by Paul Rubell, Esq.
It is remarkable that many companies do not know the vastness of private information they obtain from their social media and website. It is essential for every business to understand its legal responsibility to protect their customers’ personal information.
OLD NEWS: Web browsers can follow your voyage through the Internet. Firefox, Internet Explorer, Chrome and Safari can watch you jump from one website to the next as you journey across the hyperlinks. A company can incur legal liability when its social media, mobile apps and website obtain personal information while tracking you, and you run the risk of losing your legal right to maintain your privacy.
NEW NEWS: Web browsers have learned how to track your hyperlinks across browser platforms. Some of us keep browser windows open in multiple browsers at the same time to expedite surfing. For instance, I often run Firefox, Chrome and Safari at the same time. I like to study different subjects in alternate browsers but sometimes a hyperlink in one browser’s window will send me to the other browser’s window. This is important because suddenly two browsers can monitor your web movement as well as your jumps from, say, Firefox to Chrome and back. For example, Firefox will leave a digital “fingerprint” on a computing device when it visits a website. Through cross-browser tracking, another browser like Chrome can detect and use Firefox’s fingerprint when it runs on the same mobile device or computer. In this way, a company can continue to targeting advertisements to its users even if they change browsers.
Web tracking presents significant privacy law issues. A company can face business risks and legal responsibilities when it obtains personally identifiable information (PII) from people who visit its social media or website. This was true with older website tracking and it is just as true and even more important today with the advent of multiple-browser tracking. More and more private information will become susceptible to online harvesting and analysis.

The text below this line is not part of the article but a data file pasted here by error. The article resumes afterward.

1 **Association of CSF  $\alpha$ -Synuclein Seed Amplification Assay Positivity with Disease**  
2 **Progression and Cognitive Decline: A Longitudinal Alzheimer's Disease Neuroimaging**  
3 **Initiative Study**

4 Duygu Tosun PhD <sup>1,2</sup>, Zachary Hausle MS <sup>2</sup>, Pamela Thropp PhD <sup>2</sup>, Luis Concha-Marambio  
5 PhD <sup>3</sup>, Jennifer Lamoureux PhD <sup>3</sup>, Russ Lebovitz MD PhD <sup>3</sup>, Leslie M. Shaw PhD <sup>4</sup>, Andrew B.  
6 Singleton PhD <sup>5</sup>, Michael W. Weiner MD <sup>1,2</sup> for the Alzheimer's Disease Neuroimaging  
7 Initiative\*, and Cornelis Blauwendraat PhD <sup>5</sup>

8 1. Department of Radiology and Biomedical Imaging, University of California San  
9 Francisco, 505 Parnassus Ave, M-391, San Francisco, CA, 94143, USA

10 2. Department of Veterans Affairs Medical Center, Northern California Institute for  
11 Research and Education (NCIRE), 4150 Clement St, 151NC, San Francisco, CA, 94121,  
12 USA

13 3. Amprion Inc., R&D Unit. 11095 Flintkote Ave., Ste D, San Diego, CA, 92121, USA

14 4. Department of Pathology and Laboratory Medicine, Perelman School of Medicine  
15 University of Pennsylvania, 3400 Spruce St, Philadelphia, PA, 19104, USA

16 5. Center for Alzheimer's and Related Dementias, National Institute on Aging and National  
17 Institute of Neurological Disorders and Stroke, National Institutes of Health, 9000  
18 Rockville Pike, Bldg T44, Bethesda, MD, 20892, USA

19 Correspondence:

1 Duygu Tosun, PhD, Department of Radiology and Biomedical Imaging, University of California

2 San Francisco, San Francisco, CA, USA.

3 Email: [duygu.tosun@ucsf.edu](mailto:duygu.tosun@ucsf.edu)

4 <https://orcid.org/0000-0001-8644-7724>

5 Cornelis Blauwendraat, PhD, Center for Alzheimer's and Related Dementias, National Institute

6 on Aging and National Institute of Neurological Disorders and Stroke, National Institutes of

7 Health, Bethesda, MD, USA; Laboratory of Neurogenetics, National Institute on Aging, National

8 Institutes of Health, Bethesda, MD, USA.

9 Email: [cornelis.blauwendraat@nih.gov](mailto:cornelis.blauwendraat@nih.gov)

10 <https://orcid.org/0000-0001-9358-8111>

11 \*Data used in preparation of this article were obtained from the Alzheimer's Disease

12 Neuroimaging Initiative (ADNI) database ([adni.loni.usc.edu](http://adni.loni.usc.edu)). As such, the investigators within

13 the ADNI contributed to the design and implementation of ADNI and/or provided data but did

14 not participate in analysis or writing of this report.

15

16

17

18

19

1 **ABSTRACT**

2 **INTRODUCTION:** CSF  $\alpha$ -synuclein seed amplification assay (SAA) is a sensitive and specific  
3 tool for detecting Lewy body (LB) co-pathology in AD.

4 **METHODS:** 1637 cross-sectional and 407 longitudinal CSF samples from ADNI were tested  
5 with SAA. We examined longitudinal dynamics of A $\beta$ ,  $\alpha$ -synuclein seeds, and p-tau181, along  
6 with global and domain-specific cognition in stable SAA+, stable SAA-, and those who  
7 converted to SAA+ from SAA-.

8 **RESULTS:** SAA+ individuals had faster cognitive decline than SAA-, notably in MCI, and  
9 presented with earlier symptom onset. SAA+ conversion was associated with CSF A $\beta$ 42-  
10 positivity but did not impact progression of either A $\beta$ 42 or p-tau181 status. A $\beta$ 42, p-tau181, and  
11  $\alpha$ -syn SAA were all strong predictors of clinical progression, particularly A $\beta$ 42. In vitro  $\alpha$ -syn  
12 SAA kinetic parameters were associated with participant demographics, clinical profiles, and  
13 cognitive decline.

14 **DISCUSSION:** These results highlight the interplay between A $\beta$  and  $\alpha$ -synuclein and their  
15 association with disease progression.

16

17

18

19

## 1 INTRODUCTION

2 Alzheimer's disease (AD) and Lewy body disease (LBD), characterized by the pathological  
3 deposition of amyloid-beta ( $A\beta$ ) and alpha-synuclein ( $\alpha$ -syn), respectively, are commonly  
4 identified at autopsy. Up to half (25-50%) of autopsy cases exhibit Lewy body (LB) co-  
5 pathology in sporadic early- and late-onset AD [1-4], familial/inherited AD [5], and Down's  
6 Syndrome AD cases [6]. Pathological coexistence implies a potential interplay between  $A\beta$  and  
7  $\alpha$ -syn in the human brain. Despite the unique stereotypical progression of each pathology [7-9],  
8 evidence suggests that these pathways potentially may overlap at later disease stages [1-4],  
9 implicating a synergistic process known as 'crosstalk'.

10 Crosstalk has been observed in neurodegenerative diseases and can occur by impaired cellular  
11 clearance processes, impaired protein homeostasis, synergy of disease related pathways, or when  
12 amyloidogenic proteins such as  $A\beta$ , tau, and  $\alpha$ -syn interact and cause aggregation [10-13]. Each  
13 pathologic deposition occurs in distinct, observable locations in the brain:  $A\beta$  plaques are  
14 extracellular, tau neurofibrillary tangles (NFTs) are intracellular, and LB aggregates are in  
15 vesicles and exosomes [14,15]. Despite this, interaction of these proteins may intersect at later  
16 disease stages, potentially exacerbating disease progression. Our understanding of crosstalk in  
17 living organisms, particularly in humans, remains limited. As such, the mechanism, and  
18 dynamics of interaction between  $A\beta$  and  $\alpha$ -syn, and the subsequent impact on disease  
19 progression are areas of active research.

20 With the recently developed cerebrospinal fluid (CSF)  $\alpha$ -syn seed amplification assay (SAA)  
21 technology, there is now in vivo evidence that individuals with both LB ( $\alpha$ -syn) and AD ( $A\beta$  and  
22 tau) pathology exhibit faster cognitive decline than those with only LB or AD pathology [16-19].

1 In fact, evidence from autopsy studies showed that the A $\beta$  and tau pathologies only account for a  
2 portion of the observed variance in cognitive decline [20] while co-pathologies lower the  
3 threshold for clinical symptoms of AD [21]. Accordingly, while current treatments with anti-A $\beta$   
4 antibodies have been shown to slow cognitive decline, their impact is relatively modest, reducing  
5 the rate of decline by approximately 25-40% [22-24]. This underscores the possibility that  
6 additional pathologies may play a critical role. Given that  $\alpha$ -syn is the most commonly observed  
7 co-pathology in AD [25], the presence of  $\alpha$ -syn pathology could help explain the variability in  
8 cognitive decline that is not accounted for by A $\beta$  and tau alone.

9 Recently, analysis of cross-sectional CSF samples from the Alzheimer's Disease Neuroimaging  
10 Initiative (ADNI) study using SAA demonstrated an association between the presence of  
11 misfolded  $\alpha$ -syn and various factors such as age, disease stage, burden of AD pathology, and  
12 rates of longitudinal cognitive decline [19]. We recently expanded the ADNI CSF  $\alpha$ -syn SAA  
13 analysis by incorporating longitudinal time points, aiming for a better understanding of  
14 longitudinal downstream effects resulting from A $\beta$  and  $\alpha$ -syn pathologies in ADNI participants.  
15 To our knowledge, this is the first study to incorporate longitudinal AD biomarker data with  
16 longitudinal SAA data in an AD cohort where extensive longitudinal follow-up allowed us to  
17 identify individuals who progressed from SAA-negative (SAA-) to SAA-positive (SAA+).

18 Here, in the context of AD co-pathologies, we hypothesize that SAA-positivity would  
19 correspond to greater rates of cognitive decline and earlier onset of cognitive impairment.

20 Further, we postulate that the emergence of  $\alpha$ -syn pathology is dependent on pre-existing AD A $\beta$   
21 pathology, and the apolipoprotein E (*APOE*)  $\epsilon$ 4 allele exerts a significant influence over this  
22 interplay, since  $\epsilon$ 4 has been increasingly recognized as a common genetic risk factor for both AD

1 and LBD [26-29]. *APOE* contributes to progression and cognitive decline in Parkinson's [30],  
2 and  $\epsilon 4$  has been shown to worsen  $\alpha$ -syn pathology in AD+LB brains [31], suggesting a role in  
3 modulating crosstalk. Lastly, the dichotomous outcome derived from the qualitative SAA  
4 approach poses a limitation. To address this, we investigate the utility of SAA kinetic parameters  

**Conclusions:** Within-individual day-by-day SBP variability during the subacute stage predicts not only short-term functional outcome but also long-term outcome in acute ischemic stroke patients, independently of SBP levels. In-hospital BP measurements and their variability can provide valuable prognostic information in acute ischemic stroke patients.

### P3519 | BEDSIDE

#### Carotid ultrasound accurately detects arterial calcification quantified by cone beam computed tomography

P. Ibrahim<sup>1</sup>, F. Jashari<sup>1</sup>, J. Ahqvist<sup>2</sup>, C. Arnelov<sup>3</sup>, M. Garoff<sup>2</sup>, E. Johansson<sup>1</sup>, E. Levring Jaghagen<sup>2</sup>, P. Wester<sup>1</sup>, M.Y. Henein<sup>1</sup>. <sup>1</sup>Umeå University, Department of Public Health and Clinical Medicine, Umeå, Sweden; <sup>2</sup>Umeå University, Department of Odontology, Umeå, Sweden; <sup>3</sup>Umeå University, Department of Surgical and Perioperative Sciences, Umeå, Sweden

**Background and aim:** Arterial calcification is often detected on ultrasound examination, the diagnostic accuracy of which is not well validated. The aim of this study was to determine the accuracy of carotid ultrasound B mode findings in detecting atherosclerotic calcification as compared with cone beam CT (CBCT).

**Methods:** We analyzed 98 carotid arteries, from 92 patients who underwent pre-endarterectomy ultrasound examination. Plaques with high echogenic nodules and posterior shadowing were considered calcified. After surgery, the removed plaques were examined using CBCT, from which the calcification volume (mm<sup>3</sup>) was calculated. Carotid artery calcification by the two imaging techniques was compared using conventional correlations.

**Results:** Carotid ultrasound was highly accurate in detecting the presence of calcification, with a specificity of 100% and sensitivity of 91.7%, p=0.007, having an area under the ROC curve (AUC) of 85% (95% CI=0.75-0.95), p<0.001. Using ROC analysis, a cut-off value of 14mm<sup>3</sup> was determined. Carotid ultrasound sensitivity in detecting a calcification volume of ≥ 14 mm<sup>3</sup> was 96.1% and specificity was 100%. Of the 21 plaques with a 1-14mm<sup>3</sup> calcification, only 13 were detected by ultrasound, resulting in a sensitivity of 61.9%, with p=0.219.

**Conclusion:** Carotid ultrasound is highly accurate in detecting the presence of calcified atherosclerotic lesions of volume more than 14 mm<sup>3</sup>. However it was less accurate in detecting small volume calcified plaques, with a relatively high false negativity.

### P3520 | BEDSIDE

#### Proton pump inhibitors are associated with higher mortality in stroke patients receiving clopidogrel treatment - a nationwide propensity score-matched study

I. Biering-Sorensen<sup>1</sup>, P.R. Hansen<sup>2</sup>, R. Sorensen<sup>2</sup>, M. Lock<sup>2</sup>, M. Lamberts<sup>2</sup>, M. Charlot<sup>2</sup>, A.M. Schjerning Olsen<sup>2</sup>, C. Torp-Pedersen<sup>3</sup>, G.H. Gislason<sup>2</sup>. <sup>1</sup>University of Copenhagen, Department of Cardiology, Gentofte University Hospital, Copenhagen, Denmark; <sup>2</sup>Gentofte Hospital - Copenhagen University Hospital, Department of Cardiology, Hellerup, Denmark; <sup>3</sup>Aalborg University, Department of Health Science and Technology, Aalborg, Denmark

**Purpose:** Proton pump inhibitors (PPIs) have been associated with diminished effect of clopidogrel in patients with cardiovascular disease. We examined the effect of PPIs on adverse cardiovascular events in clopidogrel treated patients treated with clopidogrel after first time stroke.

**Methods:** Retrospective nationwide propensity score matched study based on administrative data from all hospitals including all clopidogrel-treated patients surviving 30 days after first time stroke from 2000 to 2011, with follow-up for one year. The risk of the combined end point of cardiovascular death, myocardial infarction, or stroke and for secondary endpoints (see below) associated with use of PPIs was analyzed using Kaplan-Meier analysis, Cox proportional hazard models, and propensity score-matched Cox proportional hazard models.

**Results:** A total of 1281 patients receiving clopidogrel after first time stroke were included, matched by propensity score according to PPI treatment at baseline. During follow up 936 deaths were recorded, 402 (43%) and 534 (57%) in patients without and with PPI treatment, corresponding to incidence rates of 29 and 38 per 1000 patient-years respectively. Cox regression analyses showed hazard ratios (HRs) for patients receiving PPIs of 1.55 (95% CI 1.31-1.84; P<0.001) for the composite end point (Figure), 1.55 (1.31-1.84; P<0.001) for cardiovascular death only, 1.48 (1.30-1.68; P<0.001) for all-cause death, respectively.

United States and international laws protect individuals’ most private information including healthcare records, financial secrets and students’ education records. Your name, address, Social Security number and date of birth are unquestionably private and need to be protected. In
contrast, some personal information may not seem private or important to you — but in the hands of a bad actor, your vacation schedule, your nephew’s name or the names of your online “friends” can become very valuable. Advertisers and consumer product companies want to obtain information about you. They see your world very differently than you do. They see your world as a dark secret waiting to be uncovered and sold for lawful reasons as well as for illegal purposes.
Do Not Track is an opt-out setting in most browsers that allows a user to electronically inform companies that she does not want to be tracked across the web on websites and social media. By turning on this setting, a user’s mobile device or computer will send a digital signal to websites and social media to inform them that she does not want to be tracked. According to Google, some websites respect Do Not Track requests and others do not. Compliance with Do Not Track is voluntary, not mandatory. As a result, even when a user send a digital no-track request, many websites will ignore the request and continue to collect all sorts of browsing data. A user is not able to force a website to stop tracking her or to know whether her digital footprints are being followed.